We report survival probabilities for 148 breeding adult Atlantic Puffins (Fratercula arctica) monitored through capture-mark-resight at two colonies for 11 years (1992–2003). The colonies, Eastern Egg Rock and Seal Island, are ∼42 km apart in the Gulf of Maine. Support for competing models in the program MARK suggests constant survival of 0.95 ± 0.01 (SE) that is independent of colony. Our high survival probability is consistent with published estimates for Atlantic Puffins and other long-lived seabirds. No time-variance contrasts with many long-term seabird studies, which often report high survival in most years, broken occasionally by low-survival events. However, a post-hoc observation of survival estimates from the time-dependent model suggests that there may have been at least two low-survival events in our time-series; sparse data may have precluded detection by our models. In this study, each bird received an individually engraved, plastic, field-readable leg band, as well as the standard metal band. Using an index of band readability, we show that plastic bands wore rapidly, resulting in accumulating losses of engraved characters through time. Degradation and loss of marks is a common source of overdispersion in capture-mark-re-encounter data and results in underestimated sampling variances. In the presence of a 70% reduction in band readability over eight years, an estimate of the adjusted overdispersion factor (ĉ = 1.14) identified very little overdispersion in our data. Overdispersion was avoided by double banding and intensively resighting metal bands.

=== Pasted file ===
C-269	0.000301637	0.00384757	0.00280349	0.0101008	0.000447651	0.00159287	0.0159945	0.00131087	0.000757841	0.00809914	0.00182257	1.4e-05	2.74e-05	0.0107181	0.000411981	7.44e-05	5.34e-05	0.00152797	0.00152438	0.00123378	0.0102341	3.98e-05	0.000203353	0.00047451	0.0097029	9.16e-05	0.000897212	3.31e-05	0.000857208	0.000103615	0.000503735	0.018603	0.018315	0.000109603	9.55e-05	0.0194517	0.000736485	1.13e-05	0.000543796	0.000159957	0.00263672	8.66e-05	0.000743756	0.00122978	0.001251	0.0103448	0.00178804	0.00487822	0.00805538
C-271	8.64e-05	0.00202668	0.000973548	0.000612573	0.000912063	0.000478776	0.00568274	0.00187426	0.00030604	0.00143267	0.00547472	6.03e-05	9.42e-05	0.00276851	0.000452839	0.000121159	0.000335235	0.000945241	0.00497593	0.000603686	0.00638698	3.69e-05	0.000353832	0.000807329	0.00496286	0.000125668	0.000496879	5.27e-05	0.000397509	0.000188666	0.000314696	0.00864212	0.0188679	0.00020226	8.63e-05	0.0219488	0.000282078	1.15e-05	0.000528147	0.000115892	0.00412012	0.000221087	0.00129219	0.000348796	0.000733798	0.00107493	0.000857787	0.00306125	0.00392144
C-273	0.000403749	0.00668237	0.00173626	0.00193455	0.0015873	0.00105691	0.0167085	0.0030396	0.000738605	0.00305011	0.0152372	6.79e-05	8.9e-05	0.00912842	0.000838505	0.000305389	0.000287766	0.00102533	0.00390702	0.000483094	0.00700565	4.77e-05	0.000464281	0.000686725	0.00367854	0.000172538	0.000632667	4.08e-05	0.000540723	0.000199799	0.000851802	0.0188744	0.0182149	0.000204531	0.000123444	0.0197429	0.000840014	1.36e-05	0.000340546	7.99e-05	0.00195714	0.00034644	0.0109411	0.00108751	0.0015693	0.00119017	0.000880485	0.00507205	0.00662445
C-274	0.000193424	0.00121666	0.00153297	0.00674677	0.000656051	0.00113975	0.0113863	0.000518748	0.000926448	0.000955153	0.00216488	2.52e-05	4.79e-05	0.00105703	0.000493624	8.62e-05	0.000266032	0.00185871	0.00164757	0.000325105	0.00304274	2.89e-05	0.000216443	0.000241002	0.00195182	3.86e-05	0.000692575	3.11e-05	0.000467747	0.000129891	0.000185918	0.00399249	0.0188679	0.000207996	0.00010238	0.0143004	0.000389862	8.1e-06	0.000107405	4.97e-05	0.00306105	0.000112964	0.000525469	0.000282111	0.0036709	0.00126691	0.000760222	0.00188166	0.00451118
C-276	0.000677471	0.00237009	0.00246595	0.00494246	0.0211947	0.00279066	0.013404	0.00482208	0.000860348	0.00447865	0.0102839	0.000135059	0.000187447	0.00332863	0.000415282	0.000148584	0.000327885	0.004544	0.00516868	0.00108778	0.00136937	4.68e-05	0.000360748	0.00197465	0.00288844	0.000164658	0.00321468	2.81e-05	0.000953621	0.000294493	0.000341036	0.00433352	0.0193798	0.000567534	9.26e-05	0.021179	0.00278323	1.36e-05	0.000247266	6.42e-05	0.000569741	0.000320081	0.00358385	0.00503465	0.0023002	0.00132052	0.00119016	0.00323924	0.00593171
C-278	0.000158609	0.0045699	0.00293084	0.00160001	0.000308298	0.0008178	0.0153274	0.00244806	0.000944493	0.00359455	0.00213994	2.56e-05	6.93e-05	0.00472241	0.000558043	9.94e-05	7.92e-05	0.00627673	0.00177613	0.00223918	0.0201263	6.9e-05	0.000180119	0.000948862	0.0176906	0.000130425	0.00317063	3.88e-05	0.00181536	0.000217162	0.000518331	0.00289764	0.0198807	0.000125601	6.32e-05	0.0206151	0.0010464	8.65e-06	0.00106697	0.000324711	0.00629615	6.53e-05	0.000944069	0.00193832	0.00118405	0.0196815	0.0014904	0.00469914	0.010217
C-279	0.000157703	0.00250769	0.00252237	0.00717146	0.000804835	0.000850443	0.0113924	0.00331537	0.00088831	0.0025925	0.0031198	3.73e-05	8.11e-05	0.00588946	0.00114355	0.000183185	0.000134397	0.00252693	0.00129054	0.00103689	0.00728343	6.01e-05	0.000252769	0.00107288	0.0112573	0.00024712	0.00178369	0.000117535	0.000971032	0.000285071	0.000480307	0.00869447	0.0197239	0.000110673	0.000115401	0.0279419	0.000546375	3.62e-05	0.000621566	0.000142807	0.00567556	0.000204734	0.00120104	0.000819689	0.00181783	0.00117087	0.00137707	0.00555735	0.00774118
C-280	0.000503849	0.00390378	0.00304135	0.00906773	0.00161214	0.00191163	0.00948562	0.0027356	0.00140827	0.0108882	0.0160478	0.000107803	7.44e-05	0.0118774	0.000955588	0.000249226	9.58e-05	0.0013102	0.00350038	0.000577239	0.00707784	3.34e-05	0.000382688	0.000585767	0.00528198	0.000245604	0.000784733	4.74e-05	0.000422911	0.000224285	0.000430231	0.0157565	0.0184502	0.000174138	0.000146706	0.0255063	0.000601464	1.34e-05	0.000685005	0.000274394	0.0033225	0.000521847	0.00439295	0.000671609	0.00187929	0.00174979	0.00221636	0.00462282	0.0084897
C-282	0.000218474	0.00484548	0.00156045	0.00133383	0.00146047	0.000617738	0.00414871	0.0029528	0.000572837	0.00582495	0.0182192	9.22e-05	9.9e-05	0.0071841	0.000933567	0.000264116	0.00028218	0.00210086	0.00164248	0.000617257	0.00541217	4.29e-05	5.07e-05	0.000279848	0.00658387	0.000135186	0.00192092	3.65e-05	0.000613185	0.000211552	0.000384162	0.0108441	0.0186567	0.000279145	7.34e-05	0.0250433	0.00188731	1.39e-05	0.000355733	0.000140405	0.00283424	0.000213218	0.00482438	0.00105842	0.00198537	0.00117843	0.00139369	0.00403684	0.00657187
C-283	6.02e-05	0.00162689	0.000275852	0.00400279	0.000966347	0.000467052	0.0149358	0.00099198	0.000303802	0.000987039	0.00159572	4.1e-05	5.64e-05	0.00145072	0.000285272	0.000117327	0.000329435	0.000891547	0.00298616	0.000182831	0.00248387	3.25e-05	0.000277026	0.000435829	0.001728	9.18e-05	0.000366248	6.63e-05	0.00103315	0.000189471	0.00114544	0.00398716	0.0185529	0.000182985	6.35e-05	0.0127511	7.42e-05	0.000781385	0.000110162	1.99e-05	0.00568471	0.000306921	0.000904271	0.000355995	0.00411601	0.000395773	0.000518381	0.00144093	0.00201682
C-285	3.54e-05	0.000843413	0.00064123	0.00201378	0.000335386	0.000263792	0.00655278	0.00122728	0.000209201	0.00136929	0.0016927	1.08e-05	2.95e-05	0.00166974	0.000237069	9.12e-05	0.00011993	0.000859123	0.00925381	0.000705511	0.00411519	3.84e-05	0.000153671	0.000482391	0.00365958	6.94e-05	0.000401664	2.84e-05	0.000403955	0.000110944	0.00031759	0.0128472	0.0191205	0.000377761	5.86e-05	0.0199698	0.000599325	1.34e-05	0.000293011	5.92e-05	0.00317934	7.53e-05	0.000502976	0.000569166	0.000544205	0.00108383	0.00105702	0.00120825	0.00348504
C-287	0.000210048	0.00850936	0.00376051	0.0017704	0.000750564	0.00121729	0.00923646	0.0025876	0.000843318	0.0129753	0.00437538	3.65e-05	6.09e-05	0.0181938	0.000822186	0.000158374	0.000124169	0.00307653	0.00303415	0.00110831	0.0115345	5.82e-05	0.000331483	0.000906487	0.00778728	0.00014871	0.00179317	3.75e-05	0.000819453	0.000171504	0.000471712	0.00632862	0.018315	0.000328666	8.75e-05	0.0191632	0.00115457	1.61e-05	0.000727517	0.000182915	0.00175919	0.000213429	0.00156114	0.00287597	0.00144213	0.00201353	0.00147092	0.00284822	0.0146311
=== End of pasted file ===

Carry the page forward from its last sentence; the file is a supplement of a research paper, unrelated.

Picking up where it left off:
Estimation de la Survie Adulte de Deux Colonies de Fratercula arctica dans le Golfe du Maine